These are some of sport’s contribution to the well being of the people and it can be deduced that sport helps increase a nation’s longevity if they make it part of their culture.
Our major challenge has been that we have not properly sought to engage Government in bringing to their attention that if they increase the sport budget and run campaigns such as ‘Active Zimbabwe’, which will encourage everyone to exercise for at least 30 minutes per day some of the chronic diseases will be significantly reduced thus lowering the pressure in our resource constrained health institutions.
Over and above disease mitigation in the society, sport is also a powerful peace maker like it is now in Somalia, Rwanda and Nepal where it is being used to rehabilitate some of the former child soldiers.
They are now Community Sport Leaders who are now driving sport in their communities thus ensuring that the peace that they enjoy lasts forever. Sport also plays a vital in healing the psychological effects of war.
Since 1997 the International Olympic Committee (IOC) and United Nations High Commission for Refugees (UNHCR) has been working in the Bhutanese Refugee camp in Nepal to offer sport and recreational programmes for the refugees.
During the ancient Olympics times around 776BC, the warring nations used have a truce whose outcome was to the effect that nations would hold peace to participate in the Olympic Games. This is how they used to highly regard sport.
It may also be argued that sport contributes to the attainment of gender parity as participation in sport is traditionally dominated by males and by having girls participating, it challenges the stereotypes of girls and woman thus breaking down entrenched cultures, in the process women and girls gain recognition by the society they end up being mentors to their peers.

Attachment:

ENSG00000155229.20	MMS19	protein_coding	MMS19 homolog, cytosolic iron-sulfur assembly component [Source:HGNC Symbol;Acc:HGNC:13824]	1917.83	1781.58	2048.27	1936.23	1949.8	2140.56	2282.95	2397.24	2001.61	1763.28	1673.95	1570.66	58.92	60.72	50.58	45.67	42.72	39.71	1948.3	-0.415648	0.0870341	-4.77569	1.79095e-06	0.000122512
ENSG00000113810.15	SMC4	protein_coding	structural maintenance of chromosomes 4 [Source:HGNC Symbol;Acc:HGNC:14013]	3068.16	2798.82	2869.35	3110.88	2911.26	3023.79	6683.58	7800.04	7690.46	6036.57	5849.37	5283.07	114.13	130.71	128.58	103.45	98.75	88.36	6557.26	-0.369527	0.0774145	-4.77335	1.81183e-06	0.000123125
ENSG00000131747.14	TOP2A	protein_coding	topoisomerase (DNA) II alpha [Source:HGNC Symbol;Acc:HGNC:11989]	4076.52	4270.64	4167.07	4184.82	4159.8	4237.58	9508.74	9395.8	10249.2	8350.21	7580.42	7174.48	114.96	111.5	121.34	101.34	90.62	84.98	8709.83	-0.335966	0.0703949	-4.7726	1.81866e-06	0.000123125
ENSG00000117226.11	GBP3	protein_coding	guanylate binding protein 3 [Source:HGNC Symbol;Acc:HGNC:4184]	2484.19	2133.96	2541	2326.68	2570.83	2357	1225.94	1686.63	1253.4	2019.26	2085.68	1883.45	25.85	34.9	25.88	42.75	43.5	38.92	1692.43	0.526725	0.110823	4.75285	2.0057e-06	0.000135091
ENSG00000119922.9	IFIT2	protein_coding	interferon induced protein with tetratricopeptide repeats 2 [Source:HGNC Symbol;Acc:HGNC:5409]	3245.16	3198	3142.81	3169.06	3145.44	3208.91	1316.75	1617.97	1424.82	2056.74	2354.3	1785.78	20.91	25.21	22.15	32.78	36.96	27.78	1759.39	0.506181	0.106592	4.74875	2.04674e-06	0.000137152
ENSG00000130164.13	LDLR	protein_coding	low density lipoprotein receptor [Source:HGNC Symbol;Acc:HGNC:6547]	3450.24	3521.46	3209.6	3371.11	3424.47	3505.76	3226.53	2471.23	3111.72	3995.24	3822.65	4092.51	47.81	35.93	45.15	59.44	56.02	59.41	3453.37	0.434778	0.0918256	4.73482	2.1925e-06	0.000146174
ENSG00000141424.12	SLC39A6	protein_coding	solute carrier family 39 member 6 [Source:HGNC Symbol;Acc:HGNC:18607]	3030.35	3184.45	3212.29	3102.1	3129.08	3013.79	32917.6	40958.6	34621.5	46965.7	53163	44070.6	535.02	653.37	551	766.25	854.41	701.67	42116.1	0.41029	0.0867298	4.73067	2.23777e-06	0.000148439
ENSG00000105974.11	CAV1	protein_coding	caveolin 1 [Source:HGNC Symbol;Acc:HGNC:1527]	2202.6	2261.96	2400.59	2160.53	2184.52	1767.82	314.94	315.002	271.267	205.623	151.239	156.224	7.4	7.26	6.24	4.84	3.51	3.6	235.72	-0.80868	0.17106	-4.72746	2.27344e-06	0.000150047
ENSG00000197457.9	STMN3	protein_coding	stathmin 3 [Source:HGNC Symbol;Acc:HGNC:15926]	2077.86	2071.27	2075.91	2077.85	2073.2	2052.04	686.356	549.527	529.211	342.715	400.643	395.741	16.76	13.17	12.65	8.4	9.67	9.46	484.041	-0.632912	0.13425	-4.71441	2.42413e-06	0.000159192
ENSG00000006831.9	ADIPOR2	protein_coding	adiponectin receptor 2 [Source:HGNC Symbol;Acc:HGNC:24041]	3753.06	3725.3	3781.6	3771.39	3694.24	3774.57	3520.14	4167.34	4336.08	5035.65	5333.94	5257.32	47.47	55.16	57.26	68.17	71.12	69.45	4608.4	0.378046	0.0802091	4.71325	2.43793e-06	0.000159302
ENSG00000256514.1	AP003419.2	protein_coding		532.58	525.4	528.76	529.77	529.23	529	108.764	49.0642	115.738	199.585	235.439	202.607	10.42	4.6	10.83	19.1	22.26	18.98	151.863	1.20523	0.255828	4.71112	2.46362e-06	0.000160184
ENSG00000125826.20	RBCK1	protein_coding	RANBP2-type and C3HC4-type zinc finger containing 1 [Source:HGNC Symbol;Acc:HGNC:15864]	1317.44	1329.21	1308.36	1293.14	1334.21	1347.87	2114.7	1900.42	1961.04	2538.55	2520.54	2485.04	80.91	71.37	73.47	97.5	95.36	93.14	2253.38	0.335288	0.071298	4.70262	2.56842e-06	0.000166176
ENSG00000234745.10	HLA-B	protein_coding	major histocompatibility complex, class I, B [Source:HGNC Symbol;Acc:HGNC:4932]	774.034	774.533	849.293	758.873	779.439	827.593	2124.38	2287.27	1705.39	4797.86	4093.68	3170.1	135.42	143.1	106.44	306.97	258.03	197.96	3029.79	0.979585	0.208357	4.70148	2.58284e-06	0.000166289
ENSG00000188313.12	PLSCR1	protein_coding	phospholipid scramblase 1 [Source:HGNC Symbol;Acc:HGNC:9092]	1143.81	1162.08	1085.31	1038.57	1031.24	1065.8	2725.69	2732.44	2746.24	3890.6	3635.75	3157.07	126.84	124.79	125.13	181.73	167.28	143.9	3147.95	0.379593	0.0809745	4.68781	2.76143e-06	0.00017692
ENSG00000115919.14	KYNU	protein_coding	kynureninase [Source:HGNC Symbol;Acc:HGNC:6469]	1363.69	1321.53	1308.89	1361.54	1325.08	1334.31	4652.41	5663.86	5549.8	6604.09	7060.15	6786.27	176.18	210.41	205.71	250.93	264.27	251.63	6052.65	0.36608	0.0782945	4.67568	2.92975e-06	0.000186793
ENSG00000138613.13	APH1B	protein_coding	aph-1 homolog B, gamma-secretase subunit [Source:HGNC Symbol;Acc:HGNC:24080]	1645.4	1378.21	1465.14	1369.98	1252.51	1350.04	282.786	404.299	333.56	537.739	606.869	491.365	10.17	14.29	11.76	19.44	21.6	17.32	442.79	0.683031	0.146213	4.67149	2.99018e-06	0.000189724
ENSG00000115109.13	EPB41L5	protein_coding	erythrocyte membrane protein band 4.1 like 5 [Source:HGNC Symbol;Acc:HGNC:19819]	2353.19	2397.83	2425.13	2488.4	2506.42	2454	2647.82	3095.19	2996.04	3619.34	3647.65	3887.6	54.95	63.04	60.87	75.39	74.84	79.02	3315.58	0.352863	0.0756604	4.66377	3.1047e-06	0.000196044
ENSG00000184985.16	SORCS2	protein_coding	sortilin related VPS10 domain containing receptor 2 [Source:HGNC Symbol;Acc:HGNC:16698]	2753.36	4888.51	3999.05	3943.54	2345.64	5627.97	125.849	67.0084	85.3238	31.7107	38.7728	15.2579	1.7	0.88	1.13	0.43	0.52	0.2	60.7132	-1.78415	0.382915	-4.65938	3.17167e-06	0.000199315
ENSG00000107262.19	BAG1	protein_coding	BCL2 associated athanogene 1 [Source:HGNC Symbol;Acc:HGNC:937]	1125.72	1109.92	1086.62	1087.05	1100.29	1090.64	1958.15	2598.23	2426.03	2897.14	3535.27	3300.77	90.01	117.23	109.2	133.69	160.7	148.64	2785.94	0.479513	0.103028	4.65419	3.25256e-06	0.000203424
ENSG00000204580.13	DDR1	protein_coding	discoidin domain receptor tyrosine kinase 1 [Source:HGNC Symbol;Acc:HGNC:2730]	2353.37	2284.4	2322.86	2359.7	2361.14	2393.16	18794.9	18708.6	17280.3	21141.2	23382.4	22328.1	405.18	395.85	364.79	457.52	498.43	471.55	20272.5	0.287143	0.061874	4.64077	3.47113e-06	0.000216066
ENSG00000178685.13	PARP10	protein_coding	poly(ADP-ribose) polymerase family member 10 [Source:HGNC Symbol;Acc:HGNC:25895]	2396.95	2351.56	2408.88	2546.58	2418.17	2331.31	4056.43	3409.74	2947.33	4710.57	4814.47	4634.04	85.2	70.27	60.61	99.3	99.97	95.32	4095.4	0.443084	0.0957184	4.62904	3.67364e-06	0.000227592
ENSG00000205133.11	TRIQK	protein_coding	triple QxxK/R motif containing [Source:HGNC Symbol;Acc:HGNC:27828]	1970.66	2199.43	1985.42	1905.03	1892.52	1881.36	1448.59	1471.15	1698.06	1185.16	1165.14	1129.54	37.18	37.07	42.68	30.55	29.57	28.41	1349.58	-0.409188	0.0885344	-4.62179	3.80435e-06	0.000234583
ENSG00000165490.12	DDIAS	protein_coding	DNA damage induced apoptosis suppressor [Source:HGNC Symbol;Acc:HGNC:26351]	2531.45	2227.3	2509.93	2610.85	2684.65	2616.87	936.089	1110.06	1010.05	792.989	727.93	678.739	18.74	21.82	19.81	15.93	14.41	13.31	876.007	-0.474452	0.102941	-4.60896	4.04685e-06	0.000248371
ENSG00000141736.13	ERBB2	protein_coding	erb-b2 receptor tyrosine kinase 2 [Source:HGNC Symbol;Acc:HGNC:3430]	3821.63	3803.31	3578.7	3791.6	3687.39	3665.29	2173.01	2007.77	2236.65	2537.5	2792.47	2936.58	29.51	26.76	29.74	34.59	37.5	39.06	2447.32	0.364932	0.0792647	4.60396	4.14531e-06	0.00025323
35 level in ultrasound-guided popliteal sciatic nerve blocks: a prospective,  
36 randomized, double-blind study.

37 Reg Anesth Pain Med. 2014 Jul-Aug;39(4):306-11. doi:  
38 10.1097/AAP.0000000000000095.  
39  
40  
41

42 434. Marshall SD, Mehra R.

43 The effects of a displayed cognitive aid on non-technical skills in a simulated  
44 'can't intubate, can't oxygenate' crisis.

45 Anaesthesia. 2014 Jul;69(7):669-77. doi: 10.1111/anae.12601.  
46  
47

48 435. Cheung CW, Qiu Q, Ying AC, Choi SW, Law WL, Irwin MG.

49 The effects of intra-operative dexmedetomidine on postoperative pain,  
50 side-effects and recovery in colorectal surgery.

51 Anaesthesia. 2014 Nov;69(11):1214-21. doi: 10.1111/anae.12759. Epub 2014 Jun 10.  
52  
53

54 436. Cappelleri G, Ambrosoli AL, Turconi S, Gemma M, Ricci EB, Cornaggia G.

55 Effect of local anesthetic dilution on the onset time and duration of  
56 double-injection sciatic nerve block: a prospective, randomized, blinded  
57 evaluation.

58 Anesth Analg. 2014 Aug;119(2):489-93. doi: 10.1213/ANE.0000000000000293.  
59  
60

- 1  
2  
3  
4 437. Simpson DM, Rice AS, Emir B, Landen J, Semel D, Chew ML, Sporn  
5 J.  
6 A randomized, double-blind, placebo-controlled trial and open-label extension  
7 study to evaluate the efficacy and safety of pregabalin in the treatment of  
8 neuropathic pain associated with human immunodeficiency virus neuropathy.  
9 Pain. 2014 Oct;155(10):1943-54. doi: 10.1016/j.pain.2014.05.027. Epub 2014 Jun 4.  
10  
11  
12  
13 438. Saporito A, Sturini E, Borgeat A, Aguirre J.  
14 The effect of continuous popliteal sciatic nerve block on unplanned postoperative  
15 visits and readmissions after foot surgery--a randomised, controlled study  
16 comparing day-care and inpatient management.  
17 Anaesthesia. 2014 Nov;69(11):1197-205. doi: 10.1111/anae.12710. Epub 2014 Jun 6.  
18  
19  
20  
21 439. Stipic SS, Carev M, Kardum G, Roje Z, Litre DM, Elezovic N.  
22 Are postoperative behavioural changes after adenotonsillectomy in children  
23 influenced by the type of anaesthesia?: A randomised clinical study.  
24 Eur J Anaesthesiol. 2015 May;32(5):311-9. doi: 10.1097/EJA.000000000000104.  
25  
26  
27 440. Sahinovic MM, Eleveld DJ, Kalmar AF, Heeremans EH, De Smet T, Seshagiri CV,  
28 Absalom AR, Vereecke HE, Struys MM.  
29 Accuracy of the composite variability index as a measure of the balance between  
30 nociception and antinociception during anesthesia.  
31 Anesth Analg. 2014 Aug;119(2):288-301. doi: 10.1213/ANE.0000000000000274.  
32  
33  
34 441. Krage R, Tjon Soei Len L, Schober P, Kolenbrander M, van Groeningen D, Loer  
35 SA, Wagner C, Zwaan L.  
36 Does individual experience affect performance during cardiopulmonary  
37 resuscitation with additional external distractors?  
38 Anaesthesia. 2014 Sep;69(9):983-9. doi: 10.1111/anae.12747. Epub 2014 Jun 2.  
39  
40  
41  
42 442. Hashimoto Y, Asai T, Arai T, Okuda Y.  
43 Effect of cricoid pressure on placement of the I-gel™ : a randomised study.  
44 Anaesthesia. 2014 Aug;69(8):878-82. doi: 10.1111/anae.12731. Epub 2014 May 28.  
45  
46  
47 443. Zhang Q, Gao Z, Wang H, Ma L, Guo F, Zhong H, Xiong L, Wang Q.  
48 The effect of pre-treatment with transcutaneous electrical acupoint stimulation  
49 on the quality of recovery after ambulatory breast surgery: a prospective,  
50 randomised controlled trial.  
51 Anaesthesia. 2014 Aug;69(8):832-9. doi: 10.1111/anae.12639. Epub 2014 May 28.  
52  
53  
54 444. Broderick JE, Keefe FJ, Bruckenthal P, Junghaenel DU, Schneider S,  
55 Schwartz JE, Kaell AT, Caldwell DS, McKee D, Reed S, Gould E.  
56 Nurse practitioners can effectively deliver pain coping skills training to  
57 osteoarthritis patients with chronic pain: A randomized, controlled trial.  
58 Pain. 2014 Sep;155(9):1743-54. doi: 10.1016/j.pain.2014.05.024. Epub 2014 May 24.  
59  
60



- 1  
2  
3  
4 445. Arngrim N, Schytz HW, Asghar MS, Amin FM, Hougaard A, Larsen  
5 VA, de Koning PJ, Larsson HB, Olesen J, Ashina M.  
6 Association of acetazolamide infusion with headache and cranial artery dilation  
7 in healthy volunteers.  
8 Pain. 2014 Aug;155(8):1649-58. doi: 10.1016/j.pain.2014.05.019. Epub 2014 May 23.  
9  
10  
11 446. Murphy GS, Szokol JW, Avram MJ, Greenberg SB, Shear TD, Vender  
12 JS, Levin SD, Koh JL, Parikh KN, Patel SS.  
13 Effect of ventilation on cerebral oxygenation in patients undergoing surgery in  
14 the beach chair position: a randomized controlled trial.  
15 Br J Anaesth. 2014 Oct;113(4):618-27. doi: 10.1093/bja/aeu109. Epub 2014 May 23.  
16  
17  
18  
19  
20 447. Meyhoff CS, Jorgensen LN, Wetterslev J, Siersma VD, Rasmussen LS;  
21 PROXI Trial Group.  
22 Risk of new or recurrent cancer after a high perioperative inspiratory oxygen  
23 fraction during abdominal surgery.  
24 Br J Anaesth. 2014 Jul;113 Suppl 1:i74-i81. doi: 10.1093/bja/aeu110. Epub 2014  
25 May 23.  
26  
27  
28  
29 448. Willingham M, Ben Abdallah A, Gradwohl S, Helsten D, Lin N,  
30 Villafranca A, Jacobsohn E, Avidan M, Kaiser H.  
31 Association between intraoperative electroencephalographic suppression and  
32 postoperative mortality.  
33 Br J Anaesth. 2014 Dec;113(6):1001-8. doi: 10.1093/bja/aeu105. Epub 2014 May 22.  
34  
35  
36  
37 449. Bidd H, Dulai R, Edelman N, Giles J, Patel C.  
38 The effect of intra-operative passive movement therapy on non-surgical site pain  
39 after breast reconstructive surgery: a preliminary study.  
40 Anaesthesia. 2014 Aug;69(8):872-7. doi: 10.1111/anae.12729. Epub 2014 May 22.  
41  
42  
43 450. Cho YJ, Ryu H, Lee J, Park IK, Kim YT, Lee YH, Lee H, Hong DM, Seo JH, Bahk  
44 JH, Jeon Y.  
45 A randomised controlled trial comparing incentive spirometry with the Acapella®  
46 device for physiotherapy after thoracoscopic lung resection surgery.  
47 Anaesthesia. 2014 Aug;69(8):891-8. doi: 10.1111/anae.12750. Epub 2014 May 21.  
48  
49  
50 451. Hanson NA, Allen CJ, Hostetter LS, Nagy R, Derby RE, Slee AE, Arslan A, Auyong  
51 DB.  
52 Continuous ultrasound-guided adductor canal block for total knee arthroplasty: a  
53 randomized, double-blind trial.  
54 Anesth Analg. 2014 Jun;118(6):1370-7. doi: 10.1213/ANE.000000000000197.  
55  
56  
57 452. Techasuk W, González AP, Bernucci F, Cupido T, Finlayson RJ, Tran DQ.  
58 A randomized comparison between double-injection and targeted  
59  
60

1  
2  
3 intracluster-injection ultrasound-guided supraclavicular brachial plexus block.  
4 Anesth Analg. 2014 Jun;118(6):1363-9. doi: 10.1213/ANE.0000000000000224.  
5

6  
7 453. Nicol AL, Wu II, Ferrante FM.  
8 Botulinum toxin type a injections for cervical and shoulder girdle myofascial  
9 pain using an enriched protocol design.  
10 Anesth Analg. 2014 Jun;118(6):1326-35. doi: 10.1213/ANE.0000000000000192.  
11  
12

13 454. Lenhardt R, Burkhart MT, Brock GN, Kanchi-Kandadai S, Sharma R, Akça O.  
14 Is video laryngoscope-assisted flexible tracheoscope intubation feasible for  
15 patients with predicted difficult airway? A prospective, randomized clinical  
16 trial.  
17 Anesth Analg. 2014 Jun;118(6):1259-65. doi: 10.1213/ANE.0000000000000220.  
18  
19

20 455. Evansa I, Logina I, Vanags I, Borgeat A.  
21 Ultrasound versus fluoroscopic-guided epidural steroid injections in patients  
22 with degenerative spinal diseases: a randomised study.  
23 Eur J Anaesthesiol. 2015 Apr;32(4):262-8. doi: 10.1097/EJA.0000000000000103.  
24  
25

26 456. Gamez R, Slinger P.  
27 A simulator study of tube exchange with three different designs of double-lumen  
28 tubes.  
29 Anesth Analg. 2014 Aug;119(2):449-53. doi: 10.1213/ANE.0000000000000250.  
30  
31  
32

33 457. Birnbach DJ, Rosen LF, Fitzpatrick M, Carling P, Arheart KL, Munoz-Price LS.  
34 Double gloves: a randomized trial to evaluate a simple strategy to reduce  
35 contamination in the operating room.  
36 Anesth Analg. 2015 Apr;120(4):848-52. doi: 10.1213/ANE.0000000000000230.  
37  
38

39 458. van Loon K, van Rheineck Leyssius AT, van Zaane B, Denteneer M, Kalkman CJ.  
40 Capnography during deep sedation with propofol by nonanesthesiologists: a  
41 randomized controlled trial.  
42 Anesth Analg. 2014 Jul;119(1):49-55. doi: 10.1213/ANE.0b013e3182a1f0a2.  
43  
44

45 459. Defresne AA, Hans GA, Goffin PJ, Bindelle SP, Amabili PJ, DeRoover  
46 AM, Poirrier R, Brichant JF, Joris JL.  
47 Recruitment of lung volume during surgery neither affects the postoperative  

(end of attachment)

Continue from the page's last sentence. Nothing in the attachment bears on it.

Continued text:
Kirsty Coventry and Rosemery Mugadza stand out as shining examples who have challenged the entrenched culture that it can only be men who can make it in sport.
The integration of the physically and mentally challenged with the able bodied, is every government’s worry and in 2008 the SRC acting on behalf of the Government introduced the Zimbabwe National Paralympic Games as a way of achieving this objective. In a speech recently read on his behalf during the closing ceremony of the Zimbabwe National Paralympic Games the Vice President Hon. Emmerson Mnangagwa said, “It is Government’s considered view that the Zimbabwe National Paralympic Games should be one of the avenues which can be used to create awareness that if you give People living with disabilities are given access to the play grounds they will play the sport.
“Gone are the days when we used to sideline them because of their physical or mental state. We need to strike equality among the people and sport by its nature can put everyone on the same pedestal never mind their circumstances”, added Vice President Mnangagwa.
Sports and Recreation Commission Act chapter 25:15 of 1991 section 19 (i) empowers the SRC to promote sport at the workplace.
The benefits accruing from the promotion of sport at the workplace include reduced absenteeism owing to the fact that the workers will be fit thus do not always fall sick, there is likely to be improved team work among the employees because if they play together they are like to relate to each other in a better manner in work related situations.